Mobile interfaces have come a long way. Keypads were the primary interface technology until relatively recently, with text being inputted with a series of taps on keys (e.g. a,b,c from the number 2 key). The advent of the smartphone, with its larger form factor, brought a QWERTY keyboard (e.g. BlackBerry) and, eventually the now-ubiquitous touchscreen.
Today, mobile devices such as smartphones and tablets rely on touch as the primary interface technology with advances in multi-touch solutions and localized haptic feedback driving continued use of touch for many day-to-day interactions with devices.
As these smart mobile devices continue to evolve, we are seeing an evolution in the types of user interface technology used. As new use cases emerge such as always-on interfaces, virtual digital assistants, context awareness, and augmented/virtual reality, we are seeing novel technologies such as gesture recognition, voice control, and sensor fusion continue to develop and enable these use cases.
While some of these technologies have been around for several years and have already been implemented in mobile devices, many have had limited consumer acceptance. However, we are on the verge of a revolution in the ways that consumers interact with mobile devices as emerging interface technologies are maturing and hardware such as microprocessors, microphones, and image sensors are now able to provide a much improved user experience.
One of the most obvious use cases for emerging interface technologies is hands-free use of mobile devices. The ability to interact with a device without the need to physically touch it is particularly important when a user needs to operate machinery such as an automobile. Voice control is already used widely in the automotive environment, with implementations from OEMs such as Ford (Ford SYNC), Mercedes (Linguatronic), Toyota (Entune), and Volvo (Sensus Connect), to name a few. These systems enable a range of voice control functions such as making phone calls or playing audio tracks from a smartphone. As a car is naturally a relatively noisy environment, voice control is inherently difficult; however advances in noise cancellation, natural voice recognition, and voice authentication continue to be made, enabling voice to potentially be the main interface in the car in the future.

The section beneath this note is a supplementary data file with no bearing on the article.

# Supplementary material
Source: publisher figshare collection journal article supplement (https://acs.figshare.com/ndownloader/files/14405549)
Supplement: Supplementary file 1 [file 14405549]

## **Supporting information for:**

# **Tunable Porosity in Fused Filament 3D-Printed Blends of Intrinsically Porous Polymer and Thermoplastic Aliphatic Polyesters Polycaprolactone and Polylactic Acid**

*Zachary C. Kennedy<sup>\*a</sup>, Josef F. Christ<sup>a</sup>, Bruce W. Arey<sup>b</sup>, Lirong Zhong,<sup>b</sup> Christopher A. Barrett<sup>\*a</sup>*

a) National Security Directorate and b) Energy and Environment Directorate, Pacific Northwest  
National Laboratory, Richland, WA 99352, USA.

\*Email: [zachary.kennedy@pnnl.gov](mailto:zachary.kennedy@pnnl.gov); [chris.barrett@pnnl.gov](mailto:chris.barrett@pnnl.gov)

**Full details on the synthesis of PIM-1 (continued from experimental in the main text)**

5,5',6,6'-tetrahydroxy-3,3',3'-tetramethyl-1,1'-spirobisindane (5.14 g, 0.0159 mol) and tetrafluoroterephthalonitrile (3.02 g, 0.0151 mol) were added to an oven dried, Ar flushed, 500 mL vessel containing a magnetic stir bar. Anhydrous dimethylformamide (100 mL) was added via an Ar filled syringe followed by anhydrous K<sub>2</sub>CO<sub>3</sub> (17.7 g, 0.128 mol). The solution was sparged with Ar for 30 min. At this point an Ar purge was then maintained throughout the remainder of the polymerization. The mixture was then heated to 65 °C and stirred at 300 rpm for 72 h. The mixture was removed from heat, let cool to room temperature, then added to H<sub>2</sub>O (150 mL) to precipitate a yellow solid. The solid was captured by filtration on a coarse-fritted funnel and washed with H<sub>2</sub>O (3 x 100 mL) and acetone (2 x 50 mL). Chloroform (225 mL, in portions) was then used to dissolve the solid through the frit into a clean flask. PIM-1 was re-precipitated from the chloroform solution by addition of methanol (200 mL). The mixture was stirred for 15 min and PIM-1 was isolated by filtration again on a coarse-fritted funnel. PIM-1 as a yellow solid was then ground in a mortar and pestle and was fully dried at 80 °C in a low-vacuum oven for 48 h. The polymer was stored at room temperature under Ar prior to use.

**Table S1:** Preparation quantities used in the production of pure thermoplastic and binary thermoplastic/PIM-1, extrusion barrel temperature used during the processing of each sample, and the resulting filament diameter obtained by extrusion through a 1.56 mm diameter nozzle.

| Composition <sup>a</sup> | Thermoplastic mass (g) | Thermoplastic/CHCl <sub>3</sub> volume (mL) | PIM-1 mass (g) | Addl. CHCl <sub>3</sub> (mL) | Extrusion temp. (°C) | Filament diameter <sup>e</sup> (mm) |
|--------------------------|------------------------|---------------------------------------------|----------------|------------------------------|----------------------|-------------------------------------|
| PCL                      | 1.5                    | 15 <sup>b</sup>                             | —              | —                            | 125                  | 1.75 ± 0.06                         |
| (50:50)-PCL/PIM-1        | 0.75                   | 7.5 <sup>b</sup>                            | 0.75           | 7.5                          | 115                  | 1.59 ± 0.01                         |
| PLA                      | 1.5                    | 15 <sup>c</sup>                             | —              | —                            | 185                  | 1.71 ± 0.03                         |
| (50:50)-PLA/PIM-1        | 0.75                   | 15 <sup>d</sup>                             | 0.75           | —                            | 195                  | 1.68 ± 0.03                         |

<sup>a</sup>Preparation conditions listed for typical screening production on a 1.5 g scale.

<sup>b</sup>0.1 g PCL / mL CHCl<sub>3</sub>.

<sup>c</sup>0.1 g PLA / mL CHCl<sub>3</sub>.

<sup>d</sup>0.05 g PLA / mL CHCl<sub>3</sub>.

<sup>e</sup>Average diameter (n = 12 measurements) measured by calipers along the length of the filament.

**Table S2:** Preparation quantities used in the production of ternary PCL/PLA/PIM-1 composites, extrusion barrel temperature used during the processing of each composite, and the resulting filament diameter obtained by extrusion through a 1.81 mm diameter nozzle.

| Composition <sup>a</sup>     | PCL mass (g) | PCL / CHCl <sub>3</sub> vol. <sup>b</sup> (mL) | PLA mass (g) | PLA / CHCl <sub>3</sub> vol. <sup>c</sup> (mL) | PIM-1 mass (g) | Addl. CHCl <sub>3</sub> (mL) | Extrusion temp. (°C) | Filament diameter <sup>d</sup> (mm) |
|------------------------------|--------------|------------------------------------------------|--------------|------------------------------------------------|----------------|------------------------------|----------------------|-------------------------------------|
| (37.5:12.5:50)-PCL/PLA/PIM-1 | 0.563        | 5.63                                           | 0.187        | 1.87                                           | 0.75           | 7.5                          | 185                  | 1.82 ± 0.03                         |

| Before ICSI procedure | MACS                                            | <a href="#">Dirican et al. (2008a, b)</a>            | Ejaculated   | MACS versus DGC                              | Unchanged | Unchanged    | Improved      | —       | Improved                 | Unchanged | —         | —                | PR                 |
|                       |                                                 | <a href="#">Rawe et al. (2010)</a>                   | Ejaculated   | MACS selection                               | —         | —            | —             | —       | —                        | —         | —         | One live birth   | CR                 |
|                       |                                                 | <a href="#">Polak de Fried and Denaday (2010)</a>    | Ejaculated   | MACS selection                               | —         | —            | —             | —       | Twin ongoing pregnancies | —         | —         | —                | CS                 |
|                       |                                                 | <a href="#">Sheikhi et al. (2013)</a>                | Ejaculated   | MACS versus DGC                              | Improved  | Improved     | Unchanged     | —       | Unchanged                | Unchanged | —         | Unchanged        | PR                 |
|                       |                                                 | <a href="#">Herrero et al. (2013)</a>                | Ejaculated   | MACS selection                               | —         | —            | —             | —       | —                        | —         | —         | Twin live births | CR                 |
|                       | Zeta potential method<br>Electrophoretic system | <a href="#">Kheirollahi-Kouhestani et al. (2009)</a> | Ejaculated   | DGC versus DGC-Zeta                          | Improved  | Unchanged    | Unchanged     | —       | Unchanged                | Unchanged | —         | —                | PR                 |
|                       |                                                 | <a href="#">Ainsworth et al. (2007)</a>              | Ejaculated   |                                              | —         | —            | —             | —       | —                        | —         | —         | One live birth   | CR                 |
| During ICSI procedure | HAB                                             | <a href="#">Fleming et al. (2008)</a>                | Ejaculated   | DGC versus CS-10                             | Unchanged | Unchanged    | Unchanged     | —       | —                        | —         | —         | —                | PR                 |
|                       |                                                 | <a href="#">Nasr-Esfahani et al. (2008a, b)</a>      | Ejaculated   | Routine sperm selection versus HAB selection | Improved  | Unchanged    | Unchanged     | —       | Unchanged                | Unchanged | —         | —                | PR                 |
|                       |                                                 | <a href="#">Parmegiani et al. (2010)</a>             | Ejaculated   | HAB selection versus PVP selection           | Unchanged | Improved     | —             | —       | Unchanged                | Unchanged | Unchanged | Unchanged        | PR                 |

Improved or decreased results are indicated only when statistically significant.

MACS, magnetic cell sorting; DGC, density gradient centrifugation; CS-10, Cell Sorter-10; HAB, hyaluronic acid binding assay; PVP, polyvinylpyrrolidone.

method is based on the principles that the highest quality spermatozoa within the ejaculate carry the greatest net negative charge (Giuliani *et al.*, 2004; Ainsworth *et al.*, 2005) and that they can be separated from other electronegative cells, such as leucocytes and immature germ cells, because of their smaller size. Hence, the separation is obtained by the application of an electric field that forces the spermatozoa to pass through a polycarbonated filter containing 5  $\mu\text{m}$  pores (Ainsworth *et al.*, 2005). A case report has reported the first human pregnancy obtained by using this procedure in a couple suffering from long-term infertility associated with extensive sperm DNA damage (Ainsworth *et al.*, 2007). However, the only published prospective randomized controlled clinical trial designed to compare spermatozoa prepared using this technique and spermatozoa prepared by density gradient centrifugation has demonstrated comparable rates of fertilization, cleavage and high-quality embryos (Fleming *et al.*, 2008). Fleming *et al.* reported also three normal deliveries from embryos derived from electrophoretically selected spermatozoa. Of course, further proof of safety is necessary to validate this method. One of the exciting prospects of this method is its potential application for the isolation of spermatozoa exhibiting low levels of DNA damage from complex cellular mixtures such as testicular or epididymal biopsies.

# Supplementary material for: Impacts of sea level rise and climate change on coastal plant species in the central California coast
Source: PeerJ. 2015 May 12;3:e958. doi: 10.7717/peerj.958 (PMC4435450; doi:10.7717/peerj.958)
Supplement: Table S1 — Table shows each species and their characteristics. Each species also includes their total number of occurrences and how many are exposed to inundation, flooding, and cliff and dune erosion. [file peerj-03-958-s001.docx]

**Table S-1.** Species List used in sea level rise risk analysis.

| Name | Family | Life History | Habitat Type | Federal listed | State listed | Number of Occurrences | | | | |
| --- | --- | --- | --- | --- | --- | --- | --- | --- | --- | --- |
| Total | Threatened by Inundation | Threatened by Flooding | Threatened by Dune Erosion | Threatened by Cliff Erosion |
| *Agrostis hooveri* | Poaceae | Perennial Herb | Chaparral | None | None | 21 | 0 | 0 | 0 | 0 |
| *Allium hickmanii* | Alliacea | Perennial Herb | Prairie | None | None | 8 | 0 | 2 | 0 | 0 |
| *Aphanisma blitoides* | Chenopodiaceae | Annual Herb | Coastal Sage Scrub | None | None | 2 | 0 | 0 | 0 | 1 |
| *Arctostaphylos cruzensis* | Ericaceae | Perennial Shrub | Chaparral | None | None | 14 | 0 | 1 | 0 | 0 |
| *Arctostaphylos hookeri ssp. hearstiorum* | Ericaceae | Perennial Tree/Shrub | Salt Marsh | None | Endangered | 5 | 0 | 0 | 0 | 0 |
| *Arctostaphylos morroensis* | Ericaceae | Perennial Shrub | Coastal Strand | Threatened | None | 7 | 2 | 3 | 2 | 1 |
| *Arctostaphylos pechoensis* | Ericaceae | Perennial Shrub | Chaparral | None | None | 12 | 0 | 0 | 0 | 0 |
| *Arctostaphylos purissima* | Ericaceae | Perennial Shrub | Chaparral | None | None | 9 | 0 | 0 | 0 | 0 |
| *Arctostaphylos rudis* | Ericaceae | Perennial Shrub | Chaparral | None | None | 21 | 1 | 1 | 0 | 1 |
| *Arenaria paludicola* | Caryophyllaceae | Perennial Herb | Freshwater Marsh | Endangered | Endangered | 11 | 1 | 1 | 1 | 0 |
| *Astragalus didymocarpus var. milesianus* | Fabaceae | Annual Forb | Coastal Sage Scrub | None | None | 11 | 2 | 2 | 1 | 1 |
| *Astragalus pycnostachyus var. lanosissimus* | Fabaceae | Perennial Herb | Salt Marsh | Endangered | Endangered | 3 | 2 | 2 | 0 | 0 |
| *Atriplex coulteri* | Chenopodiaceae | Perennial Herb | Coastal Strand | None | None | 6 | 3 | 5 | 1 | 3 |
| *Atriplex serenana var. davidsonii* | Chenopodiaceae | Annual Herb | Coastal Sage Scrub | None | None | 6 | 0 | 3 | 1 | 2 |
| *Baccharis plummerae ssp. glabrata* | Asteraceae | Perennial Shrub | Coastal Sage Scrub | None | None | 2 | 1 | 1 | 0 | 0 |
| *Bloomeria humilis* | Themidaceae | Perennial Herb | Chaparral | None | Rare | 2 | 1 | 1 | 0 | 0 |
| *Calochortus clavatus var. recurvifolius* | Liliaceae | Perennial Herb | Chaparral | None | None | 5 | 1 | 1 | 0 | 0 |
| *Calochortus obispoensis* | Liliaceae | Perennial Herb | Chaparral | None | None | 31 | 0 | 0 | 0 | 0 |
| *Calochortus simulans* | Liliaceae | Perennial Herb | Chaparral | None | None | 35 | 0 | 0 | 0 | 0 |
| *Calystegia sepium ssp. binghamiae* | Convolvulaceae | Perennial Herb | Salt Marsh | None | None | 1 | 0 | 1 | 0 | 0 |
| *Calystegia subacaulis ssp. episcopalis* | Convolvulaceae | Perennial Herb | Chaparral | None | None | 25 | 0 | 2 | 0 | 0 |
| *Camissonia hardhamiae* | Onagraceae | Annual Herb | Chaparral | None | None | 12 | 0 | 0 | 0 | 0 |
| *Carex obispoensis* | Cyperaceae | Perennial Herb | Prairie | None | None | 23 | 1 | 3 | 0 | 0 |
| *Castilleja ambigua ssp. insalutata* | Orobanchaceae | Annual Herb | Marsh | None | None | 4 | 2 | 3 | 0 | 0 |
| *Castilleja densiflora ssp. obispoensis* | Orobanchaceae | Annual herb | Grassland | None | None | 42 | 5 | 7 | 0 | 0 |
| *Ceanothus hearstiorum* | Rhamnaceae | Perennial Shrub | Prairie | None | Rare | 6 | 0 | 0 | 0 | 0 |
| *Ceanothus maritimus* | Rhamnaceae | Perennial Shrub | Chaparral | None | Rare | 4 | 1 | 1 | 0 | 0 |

In the past, technologies such as gestures or voice control have been seen by interested parties to be the sole killer technology, but it is now becoming widely accepted that these technologies, alongside touch and others, are converging to provide more intuitive, responsive, multi-modal user interfaces.
Tractica’s forthcoming report on Emerging Interface Technologies for Mobile Devices will assess the overall market for existing and emerging interface technologies and will address key questions such as what hardware/software is needed for these to flourish, what the major drivers and inhibitors are to adoption and growth, and which major industry players are driving the market forward.